So, to plan or not to plan? That is the question. Ultimately, the answer lies with you, the parent. Each couple needs to evaluate what will be best for the dynamic of their family, careers and long-term plans. The beautiful result is that there is no right or wrong way to go about it. Your family size and spacing—however big or small, broadly or narrowly spaced it may be—will be just the perfect fit for you. Here’s what local families have to say about what they enjoy most about the unique spacing within their own families.

 

12-18 Months Apart

My oldest two are only 12 months apart. We basically didn't leave our house because nowhere was worth going that bad. It was nice to be in baby mode already but definitely challenging having a non-walker and a baby in a car seat. Now at 9 and 10 years old, they're still the best of friends and will never remember life without each other.  ~ Tiffany Anzalone, Olathe mom of three

 

“We did not plan on having ours so close together (15 months), but now I love it. It definitely has its own set of challenges, but they are best buds, have a lot of the same interests, can share the same toys, etc. Having two in diapers—one of which was a toddler who didn't want to listen when I was breastfeeding—was not easy, but at their ages now (3-1/2, 5 and 2), it's kinda nice.” ~ Becky Felix, Kansas City, MO, mom of two

 

2-4 Years Apart

“I had wanted our kiddos at least two years apart and missed it by a day. I wanted the older to have more independence and also wanted time for my body to heal and recoup between pregnancies. They are far enough apart in age that I didn't really feel overwhelmed having two, and they are close enough that they are buddies and play with each other.” ~ Sara Clark, Olathe mom of two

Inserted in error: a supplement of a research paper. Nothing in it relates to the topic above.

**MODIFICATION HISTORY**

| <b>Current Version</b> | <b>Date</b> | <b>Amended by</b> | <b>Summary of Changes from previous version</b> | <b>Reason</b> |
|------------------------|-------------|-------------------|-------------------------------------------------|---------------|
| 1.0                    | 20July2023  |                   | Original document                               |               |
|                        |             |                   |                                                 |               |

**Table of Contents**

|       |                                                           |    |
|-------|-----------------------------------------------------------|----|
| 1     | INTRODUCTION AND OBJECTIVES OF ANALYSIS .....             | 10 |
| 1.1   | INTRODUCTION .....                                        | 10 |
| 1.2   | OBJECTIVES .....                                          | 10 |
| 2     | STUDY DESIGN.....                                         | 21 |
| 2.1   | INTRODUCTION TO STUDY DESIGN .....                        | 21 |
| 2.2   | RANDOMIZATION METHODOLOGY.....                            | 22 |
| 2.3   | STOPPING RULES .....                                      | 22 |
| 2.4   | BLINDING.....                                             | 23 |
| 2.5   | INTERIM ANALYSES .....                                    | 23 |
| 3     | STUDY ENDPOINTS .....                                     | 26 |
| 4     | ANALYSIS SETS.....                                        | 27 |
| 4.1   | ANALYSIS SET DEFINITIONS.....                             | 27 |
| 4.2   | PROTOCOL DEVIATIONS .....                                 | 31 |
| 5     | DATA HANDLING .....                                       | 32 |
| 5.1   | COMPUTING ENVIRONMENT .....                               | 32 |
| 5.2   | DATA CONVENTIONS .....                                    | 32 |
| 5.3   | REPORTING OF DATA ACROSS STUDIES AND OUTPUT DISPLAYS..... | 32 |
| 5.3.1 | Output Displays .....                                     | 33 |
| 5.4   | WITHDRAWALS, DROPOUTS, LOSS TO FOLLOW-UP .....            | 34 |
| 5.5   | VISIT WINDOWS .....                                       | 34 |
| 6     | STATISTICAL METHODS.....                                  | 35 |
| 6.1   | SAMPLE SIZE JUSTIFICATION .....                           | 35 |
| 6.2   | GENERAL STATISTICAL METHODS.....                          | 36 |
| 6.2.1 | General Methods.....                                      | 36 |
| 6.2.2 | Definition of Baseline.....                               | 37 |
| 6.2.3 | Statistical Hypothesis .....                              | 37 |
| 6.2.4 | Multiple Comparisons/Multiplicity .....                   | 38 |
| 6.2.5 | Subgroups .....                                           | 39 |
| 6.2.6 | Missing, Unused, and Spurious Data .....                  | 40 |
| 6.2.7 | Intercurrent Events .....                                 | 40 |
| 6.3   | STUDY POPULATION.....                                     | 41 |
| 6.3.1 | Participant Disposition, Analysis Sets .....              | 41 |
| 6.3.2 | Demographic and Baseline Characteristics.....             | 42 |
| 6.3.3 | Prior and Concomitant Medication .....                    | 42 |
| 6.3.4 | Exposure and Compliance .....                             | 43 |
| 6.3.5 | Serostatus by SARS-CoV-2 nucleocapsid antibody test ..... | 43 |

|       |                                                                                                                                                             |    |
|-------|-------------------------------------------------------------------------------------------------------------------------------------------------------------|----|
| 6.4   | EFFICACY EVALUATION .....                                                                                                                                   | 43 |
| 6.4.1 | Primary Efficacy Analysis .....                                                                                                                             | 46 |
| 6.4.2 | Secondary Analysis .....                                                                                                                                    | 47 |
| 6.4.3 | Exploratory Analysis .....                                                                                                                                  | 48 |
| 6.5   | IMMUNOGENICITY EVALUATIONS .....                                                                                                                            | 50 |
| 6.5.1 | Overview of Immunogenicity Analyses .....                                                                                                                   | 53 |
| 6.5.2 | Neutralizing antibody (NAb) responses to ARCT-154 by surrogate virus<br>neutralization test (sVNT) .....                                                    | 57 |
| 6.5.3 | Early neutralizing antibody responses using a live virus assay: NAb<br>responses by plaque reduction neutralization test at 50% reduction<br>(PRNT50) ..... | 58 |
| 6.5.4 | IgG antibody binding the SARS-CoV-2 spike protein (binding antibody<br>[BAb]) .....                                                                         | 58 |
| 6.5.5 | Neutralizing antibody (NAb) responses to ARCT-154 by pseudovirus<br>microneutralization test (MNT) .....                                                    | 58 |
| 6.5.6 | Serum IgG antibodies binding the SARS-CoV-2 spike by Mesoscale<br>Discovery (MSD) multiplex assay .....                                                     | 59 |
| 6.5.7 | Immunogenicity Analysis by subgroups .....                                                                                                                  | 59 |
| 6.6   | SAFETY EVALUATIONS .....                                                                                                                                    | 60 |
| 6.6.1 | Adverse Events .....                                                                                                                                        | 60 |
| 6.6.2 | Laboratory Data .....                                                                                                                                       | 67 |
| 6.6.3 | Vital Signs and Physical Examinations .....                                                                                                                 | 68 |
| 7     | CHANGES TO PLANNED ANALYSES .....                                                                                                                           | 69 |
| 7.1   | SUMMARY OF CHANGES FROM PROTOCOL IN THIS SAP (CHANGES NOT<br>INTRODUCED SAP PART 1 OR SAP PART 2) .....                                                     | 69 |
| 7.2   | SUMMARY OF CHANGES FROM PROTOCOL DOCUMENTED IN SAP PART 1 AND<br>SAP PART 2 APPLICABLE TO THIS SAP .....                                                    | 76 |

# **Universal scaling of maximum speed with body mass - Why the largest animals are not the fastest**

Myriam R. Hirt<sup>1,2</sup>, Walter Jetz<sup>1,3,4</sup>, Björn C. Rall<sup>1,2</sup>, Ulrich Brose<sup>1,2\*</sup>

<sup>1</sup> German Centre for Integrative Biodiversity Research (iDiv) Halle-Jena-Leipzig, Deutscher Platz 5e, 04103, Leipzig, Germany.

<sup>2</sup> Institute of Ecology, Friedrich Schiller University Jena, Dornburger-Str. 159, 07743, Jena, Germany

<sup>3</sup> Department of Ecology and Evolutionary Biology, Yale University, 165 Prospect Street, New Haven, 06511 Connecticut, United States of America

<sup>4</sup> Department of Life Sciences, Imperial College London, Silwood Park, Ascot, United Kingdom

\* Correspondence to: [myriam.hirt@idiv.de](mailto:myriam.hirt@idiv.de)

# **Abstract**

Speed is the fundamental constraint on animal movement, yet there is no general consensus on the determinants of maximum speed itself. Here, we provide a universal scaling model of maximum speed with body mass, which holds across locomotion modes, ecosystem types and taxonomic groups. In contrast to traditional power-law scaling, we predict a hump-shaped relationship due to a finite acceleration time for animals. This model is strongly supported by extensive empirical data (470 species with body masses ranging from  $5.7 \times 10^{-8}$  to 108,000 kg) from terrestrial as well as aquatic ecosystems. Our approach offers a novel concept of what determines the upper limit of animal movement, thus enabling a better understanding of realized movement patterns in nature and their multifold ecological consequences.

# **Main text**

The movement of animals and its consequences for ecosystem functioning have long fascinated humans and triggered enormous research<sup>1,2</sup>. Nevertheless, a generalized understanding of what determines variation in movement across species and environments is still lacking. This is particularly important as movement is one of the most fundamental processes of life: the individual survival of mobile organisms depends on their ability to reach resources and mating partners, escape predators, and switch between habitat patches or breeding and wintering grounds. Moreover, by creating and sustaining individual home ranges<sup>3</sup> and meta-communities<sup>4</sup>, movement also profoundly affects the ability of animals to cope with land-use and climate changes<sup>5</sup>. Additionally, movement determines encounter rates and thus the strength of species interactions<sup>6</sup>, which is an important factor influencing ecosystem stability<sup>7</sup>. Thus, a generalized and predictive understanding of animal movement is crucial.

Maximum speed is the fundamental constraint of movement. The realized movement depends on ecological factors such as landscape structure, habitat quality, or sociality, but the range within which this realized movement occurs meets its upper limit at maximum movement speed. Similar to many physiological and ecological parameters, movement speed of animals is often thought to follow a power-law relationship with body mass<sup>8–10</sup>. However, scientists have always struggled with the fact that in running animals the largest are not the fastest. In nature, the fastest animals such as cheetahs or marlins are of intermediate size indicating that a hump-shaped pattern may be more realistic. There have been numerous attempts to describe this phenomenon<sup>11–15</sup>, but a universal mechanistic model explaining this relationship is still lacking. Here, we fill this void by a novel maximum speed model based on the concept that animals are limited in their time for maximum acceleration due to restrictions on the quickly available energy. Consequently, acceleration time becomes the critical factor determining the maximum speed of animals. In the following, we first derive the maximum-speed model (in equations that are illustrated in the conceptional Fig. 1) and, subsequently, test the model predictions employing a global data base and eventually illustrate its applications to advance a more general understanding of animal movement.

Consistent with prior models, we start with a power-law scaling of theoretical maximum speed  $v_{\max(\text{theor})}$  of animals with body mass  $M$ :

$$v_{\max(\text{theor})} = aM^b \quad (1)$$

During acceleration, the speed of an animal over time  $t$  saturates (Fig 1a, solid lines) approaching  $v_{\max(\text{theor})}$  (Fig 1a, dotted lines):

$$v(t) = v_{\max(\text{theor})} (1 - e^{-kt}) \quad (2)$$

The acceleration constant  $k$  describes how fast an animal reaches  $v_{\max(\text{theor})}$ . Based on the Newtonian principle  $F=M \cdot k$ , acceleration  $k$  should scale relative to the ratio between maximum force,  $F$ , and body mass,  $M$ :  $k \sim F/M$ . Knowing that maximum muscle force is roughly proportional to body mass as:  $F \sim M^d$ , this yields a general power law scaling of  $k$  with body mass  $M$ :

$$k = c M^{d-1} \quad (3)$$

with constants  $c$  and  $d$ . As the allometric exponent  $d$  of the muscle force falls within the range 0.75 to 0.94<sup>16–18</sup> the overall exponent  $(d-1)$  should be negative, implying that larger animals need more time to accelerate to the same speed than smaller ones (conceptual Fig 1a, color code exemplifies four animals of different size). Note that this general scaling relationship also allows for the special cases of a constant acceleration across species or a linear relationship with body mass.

5+ Years Apart

Our [three] kids are four and seven years apart. My youngest started first grade the same day my oldest went off to college. She lectured me the whole way to school about what I was thinking, spacing them so far apart! Luckily, they made up for it as adults. ~ Cathy Beelman, St. Joseph mom of three

 

Mixed Spacing (Big & Small Age Gaps)

My brother and I are seven years apart, and I said I would never have that much time between my children. Well, never say never! We have as little as one month’s difference in age through adoption and as much as 14 years’ difference between oldest and youngest—and I wouldn't have it any other way. There are great benefits for the whole family when you have much older siblings. They are a tremendous help plus they get a first-hand glimpse of what it's like to take care of little ones. They gain skills that will help them when they have their own children. The younger ones see the older siblings go through different things and maneuver life, and the bond between them is wonderful to see.” ~ Leandra Beauford, St. Joseph mom of four

 

Freelance writing boy-mom Lauren Greenlee writes and raises her three children from her Olathe home.

 

As always, please consult your health care provider with any questions or concerns. 

You Might Also Like

Edit ModuleShow Tags
Edit ModuleShow Tags
Edit ModuleShow Tags
Edit ModuleShow Tags
Edit ModuleShow Tags
Edit ModuleShow Tags
Edit ModuleShow Tags
Edit ModuleShow Tags
Edit ModuleShow Tags